The Law: Corporate
15 March 2007
11 December 2013
6 January 2014
23 June 2014
20 May 2014
24 March 2014
Almost every merger or takeover featured in the business pages of daily newspapers will have corporate lawyers working on it. So if you are an adrenaline junky who would relish the opportunity to be at the heart of high-profile, multimillion-pound deals, then a legal career in corporate finance may be right up your street.
Whats it all about?
Corporate lawyers advise their clients on a broad range of matters, including mergers and acquisitions (M&A) and takeovers, as well as on methods for raising additional cash, such as flotation on a stock exchange. The length of a transaction will vary depending on the type and size of the deal. Some deals are completed in less than a week, while others may take several months.
As a corporate lawyer you have to be commercially minded as well as having a good understanding of the law. This means that getting to know clients businesses and industry sectors. A corporate lawyers client base is very varied and typically includes entrepreneurs, small, privately owned businesses and large multinational corporations such as pharmaceutical giant GlaxoSmithKline or energy powerhouse BP.
Most corporate lawyers also act for a range of financial institutions, including high street and investment banks such as Goldman Sachs and Credit Suisse.
The size of transactions on which corporate lawyers will work varies depending on the size of the law firm they work for. For instance, a lawyer working for a top 20 City firm will typically handle deals worth millions, or even billions, of pounds. Magic circle firms Freshfields Bruckhaus Deringer and Linklaters sat on the opposite sides of the negotiating table on Dubai-based DP Worlds 3bn takeover of ports operator P&O. M&A heavyweight Slaughter and May was also involved in the deal, advising Singapores PSA, which made an unsuccessful counter-bid for P&O.
In contrast, a lawyer employed by a law firm in the regions. The nature of deals handled by corporate lawyers may be affected by the state of the worlds major economies. For instance, there have been a number of companies, notably those in the online gaming and mining sectors, floating on the London Stock Exchange (LSE) because of increased confidence in the performance of the FTSE100 (the index of the UKs top 100 share prices). The M&A market has also picked up significantly in the past 12 months, which has given corporate departments around the country a much-needed boost.
The private equity market has also remained buoyant. A private equity buyout is the acquisition of an established target company or business. The deal is driven by private equity investors such as CVC Capital Partners and Apax Partners. The companys management is offered a small percentage interest in the company as an incentive to drive the business forward. Private equity investors choose companies with the potential for growth, an increase in value and with a strong cashflow. They use the cash generated by the business to pay back the debt borrowed to finance the purchase. Their aim is to sell the company, or to list it on a stock exchange, within three to five years.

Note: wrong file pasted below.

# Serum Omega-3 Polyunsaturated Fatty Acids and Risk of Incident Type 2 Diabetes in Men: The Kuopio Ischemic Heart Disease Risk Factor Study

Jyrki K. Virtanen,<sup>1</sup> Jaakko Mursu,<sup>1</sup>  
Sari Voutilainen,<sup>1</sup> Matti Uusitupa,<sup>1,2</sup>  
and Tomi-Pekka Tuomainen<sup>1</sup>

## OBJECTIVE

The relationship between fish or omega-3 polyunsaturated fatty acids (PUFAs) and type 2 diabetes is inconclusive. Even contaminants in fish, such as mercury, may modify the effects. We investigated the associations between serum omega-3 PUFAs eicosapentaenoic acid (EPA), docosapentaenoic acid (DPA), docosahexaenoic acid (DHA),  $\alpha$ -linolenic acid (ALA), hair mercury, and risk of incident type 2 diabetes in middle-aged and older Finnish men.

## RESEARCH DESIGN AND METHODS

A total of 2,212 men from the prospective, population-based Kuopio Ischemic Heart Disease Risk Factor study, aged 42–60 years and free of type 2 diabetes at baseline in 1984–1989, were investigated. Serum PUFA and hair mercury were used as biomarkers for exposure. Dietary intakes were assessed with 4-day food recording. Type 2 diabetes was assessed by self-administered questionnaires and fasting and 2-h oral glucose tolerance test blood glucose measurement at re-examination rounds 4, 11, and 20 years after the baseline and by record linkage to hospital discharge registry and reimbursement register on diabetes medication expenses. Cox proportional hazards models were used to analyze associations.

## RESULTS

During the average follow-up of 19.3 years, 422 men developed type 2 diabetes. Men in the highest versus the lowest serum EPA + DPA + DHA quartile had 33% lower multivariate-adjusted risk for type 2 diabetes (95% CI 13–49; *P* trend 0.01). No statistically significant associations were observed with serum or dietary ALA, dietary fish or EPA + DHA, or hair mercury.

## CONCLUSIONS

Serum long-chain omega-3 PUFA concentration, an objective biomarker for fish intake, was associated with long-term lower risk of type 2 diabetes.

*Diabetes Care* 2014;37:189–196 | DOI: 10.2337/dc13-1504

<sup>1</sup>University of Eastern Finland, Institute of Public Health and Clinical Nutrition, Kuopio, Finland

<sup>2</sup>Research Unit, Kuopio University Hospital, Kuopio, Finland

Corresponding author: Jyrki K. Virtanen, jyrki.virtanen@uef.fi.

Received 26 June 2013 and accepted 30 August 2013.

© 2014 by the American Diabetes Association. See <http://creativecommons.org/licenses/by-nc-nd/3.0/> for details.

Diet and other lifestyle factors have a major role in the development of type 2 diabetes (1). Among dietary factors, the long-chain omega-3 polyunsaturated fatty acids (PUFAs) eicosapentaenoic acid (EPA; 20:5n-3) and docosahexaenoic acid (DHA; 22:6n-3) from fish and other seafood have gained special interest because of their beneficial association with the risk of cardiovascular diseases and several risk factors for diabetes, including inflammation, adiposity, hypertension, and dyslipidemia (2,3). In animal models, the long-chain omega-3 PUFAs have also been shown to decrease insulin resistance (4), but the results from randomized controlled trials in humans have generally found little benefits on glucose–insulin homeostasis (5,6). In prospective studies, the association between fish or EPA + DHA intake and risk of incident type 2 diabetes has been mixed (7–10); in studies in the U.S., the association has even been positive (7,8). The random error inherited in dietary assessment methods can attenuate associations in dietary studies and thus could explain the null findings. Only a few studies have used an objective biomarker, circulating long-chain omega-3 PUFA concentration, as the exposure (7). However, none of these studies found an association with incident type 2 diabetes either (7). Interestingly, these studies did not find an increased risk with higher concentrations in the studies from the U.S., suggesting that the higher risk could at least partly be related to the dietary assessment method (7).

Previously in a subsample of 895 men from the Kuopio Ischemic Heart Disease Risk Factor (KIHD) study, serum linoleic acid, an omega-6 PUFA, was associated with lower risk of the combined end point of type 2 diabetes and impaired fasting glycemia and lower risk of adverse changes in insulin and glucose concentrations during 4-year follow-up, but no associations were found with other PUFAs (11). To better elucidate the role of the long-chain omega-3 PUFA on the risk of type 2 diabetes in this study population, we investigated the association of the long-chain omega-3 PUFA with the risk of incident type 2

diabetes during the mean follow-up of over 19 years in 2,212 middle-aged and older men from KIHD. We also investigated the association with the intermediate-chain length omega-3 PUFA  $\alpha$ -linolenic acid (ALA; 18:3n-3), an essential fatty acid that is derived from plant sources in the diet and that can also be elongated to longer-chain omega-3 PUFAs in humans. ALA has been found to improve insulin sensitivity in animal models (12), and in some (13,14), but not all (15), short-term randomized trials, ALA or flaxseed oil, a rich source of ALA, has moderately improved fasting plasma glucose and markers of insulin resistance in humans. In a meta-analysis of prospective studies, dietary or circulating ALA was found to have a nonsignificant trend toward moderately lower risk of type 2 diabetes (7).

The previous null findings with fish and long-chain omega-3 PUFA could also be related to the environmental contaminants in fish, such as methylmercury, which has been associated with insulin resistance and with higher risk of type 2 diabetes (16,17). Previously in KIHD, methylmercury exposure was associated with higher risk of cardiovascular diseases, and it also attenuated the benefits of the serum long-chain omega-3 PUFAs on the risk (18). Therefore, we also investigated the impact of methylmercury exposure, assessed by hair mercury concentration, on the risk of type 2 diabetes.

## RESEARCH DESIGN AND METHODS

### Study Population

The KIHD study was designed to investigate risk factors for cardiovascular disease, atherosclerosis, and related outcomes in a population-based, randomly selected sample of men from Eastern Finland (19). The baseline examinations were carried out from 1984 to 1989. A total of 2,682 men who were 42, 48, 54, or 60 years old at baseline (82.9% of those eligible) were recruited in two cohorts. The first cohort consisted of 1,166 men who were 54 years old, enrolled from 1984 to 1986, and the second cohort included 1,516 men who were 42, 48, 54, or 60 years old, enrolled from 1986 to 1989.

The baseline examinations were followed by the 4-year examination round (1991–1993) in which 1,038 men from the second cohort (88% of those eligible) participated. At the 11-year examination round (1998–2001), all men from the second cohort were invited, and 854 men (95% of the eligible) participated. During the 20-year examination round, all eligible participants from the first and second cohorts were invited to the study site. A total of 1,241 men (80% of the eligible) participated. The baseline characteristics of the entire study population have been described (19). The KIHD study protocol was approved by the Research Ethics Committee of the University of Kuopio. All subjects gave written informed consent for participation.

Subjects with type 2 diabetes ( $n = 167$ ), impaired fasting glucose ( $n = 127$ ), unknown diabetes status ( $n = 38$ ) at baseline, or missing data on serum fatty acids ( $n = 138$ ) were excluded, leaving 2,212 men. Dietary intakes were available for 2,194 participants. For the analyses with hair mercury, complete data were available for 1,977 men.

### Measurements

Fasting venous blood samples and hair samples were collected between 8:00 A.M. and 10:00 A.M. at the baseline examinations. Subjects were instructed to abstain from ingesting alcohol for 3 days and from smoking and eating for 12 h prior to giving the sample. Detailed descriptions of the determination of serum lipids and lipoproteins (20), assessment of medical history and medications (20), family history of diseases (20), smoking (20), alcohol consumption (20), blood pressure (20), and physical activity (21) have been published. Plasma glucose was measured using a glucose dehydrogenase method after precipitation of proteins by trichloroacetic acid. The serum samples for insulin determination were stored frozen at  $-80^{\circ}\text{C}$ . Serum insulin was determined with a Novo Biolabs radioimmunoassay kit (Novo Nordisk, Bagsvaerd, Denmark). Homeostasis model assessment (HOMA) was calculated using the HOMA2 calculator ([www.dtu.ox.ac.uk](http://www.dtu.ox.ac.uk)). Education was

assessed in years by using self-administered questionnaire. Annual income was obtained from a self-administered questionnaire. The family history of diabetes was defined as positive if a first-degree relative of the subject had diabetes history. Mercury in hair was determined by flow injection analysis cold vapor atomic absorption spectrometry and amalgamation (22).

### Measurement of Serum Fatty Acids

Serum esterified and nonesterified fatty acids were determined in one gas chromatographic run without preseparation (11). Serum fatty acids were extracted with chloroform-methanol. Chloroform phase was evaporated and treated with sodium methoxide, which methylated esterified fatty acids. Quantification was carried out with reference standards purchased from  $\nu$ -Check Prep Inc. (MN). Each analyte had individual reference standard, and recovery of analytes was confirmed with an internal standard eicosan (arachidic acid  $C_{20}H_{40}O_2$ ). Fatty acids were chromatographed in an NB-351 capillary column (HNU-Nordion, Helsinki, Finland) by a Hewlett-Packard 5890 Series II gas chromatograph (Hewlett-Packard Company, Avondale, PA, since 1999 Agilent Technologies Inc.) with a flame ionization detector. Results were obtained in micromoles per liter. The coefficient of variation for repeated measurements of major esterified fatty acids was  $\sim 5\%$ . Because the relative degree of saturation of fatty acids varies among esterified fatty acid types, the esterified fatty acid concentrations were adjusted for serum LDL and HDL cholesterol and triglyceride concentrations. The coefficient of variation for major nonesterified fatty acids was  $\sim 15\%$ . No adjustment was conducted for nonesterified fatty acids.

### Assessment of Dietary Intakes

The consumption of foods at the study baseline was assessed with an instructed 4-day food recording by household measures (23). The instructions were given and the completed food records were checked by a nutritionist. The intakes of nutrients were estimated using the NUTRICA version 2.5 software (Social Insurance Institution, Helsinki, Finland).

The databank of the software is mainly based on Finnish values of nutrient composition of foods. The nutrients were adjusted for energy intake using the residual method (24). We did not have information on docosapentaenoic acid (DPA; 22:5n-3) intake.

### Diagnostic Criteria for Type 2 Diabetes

The working culture
The pace in a corporate department can be very fast at times and it is not unusual for lawyers to work long hours, sometimes throughout the night. Although there is great pressure at times, most people manage to retain their sense of humour. With this hard work comes a great team spirit and a real feeling of satisfaction when a deadline is finally met; and there is also the party to celebrate the successful completion of the deal to look forward to. Of course, there are invariably quieter periods to allow you to recover from the busy times.
A corporate lawyers day-to-day responsibilities will differ, depending on how many years they have been in practice. Senior corporate lawyers will act as a transaction manager and liaise with the clients other advisers, including investment banks and accountants. They will also be the clients principal point of contact and will advise companies on strategic matters so that they can achieve their corporate goals. Senior corporate lawyers will also attend high-level meetings and lead negotiations. The complex nature of transactions means that junior lawyers are often handed less responsibility than their counterparts in other departments.
A junior corporate lawyers work is extremely varied and can include such tasks as carrying out research, drafting agreements, sitting in on client meetings and conducting due diligence (reviewing a companys contracts with lenders, suppliers etc). The downside is that deals are usually very document-heavy, meaning trainees in corporate departments can sometimes get handed the photocopying and proof-reading duties. Trainees and junior lawyers in corporate departments also tend to work longer hours than their colleagues in other departments.
Why is this interesting?
Being at the hub of a large transaction is fascinating, as you will be involved in the deal from start to finish. It is also rewarding to read about the deal you were working on in the national press.
Personal and legal skills required
Corporate lawyers must have a good knowledge of the law and relevant regulations and should be commercially aware. They also need to be effective team players, because the sheer size of many deals means there will usually be a large number of lawyers from different departments all handling different aspects of the transaction. They also need to be organised and able to meet tight deadlines. With the long hours culture being prevalent, a good sense of humour is vital to help you get through these busy and stressful periods.